For V-Sync, we see that we have 3 FormatA fields (the first syncing line is slow by HSYNC/2), 1 FormatD field, 2 FormatB fields, 1 FormatC field, and 3 FormatA fields. We then have 252 scanlines of either content or blanking (the first blanking line is fast by HSYNC/2). It's worth mentioning that the FormatB fields have bad timing - their high pulse is still HSYNC/2 instead of HSYNC, this just makes the signal even messier. I'm not actually sure how monitors handle something like this - it seems pretty off, and not by a small amount...

      I compared this to the Nintendo Wii (works on my component input) - the HSYNC timings matched between the two, but the Wii's line timings were more in-spec and as-expected (exactly 63.55us). The different V-Syncs per-fields were present, so we could tell A apart from B, and the timing on the FormatB high pulses was correct as well (HSYNC, instead of what F3 does, which is HSYNC/2).

      What's Next?

      Personally, I need to think about this a bit... If anyone has experience cleaning these kinds of signals, please give some pointers. I have no idea how to right these wrongs. I think for now I'm going to continue reverse-engineering the F3, and see if anything interesting comes up. For example, I still don't know what that variable resistor does? Maybe the reason it works for some folks and not for others is because that can "tune" the timing? (Please don't try this, I don't actually know what this does, and the warning on the mobo says it could cause irreversible damage.)

      If we can fix the timing, the problem is pretty simple - just count A/B fields and fix the V-Sync. If the signal is slow, I'm not too sure what to do, can't exactly speed it up can we?


      A Whole Frame:

      Some Field Debugging:

    • Well, the actual board output still needs to be encoded into a proper 480i signal. the voltages levels aren't right, and the sync pulse is on its own channel (though, I suppose you could use some format which leaves the sync pulse on its own wire). So it is not exactly right to say it "outputs 480i". More like the signal will be changed to something akin to 480i (maybe more accurate to say NTSC compatible).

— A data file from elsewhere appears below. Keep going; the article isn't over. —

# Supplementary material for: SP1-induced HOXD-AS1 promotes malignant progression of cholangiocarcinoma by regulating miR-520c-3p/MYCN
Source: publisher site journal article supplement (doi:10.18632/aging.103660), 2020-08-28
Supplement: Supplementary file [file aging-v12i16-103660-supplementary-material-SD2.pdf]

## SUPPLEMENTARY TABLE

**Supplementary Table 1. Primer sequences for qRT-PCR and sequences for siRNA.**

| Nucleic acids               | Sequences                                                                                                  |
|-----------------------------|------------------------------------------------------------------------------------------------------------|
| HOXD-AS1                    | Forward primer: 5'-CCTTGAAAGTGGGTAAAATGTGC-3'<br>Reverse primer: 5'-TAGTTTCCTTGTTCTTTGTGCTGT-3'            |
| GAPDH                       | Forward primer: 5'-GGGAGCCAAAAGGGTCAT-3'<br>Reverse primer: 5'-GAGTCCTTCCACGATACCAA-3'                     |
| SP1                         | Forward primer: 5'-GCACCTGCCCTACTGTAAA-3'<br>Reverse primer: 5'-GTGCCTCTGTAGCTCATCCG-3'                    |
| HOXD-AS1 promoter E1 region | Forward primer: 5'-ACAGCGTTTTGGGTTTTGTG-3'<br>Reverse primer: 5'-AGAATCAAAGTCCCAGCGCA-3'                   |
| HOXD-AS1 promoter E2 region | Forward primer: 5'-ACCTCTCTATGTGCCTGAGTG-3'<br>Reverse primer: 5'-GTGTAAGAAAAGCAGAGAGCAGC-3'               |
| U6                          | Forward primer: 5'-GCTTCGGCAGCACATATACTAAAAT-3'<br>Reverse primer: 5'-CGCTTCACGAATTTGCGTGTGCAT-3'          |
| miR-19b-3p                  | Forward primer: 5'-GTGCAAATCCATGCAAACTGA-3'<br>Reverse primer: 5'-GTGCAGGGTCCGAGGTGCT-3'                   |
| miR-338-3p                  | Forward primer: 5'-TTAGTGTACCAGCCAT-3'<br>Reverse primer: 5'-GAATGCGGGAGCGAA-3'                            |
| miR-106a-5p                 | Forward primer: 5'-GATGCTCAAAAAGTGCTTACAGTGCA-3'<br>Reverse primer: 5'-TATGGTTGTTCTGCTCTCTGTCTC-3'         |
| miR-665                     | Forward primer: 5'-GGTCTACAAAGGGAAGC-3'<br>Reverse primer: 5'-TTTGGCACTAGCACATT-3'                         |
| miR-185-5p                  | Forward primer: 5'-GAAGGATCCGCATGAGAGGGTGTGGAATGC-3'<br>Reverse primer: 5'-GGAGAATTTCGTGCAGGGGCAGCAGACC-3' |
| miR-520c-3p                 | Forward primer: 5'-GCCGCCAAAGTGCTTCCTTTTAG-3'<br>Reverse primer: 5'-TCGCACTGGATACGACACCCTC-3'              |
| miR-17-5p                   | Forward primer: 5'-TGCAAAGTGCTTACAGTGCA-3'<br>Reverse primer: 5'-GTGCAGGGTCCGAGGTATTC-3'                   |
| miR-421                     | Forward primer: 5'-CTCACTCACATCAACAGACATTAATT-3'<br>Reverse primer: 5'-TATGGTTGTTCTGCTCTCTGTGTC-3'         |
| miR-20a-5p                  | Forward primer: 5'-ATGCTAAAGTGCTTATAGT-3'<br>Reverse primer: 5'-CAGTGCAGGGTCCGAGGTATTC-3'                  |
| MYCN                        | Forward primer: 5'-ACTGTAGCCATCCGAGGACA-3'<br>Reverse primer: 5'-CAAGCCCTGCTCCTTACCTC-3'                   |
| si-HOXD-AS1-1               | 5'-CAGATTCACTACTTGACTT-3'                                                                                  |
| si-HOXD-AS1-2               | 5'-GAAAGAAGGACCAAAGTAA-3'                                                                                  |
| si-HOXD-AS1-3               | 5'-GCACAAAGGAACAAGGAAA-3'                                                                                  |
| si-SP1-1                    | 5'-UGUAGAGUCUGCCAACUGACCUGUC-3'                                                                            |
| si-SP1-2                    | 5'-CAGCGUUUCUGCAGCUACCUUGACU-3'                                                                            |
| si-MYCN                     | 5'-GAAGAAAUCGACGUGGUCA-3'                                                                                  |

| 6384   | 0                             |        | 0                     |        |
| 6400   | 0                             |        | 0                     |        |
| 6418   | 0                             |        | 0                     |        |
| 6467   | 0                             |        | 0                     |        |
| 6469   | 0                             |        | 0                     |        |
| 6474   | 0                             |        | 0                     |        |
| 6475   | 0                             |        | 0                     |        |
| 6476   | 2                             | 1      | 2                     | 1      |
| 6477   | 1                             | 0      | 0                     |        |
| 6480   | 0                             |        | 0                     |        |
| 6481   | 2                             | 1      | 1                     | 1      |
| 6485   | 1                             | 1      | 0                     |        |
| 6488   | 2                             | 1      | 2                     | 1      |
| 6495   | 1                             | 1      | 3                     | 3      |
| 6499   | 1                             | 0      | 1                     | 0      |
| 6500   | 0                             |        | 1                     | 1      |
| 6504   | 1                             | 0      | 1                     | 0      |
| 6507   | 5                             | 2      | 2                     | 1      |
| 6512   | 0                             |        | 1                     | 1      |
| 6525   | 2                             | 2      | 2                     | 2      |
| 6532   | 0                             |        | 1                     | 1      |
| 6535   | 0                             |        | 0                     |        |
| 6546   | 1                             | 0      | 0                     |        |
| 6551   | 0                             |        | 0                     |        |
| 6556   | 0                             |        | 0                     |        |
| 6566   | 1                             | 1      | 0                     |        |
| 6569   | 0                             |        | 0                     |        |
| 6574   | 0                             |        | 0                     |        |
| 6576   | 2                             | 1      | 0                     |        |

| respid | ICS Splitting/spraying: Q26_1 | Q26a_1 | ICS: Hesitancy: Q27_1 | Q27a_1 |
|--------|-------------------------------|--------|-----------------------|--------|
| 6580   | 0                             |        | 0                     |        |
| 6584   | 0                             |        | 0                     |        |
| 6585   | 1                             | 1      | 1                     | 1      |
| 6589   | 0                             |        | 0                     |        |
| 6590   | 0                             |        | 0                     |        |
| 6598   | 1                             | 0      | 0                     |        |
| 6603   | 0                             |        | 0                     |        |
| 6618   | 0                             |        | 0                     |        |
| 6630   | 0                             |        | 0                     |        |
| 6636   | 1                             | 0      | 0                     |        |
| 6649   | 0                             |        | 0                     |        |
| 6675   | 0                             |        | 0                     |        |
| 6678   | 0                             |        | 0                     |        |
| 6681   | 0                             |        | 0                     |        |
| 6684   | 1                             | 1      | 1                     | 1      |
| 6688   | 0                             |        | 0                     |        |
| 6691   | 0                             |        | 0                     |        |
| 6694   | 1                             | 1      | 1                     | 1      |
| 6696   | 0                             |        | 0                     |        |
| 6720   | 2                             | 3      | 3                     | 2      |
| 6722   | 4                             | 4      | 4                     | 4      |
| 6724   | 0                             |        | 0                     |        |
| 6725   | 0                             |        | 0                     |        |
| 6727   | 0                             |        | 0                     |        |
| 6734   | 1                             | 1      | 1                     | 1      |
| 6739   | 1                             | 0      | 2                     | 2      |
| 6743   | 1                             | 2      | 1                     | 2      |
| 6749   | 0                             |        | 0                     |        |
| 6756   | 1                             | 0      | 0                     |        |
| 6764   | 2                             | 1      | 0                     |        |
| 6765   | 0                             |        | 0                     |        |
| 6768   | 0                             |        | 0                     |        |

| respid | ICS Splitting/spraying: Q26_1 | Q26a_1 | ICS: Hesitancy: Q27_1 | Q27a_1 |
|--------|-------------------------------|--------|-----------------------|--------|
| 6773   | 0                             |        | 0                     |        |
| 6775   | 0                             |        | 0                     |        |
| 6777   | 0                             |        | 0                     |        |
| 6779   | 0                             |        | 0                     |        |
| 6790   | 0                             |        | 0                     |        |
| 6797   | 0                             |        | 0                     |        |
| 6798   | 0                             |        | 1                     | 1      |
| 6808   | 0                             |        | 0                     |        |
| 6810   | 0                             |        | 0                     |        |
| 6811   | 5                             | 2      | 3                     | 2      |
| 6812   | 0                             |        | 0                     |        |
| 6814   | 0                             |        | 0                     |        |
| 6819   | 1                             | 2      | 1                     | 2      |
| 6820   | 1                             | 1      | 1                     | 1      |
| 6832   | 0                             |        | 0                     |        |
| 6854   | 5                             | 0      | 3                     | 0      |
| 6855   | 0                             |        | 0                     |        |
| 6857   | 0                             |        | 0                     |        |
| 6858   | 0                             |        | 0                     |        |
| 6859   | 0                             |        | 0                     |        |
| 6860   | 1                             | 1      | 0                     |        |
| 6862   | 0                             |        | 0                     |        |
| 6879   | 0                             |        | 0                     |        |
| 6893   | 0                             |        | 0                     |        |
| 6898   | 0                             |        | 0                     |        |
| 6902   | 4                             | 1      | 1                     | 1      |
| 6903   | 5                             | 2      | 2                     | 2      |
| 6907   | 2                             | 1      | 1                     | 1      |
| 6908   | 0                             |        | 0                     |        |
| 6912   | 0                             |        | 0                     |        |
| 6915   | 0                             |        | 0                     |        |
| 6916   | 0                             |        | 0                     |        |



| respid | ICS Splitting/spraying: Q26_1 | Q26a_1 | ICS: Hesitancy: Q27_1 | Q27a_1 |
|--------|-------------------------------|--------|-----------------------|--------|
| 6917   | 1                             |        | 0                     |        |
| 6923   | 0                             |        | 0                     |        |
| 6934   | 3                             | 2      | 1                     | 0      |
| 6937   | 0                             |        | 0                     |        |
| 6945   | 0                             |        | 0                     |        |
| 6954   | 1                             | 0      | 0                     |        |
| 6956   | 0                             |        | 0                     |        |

How a lot of these old systems work is they output something similar to an interlaced signal, and usually they just push new colour data out for both fields, for effectively 60fps gameplay. So even though there are two passes on the electron gun for the signal, it ends up practically being a 240 60Hz signal. The reason for this format is to remain compatible with NTSC standards.

      Probably the F3 is just resetting and drawing over the same field, effectively giving us a 60fps game (as stated, that's kind of the norm in this era). In that case there is no FieldA/FieldB. That'd make sense, but even the NES does work to preserve timing on the odd frames, and the line times to me still seem slow.

      EDIT: Yeah, I really shouldn't be saying 480i above. I'm just used to thinking of an NTSC signal as 525 lines of data, producing what is effectively a 480i picture (even if the hardware treats it like 240p). I'll update the original post after work to remove this confusion.

      The post was edited 4 times, last by Dariux ().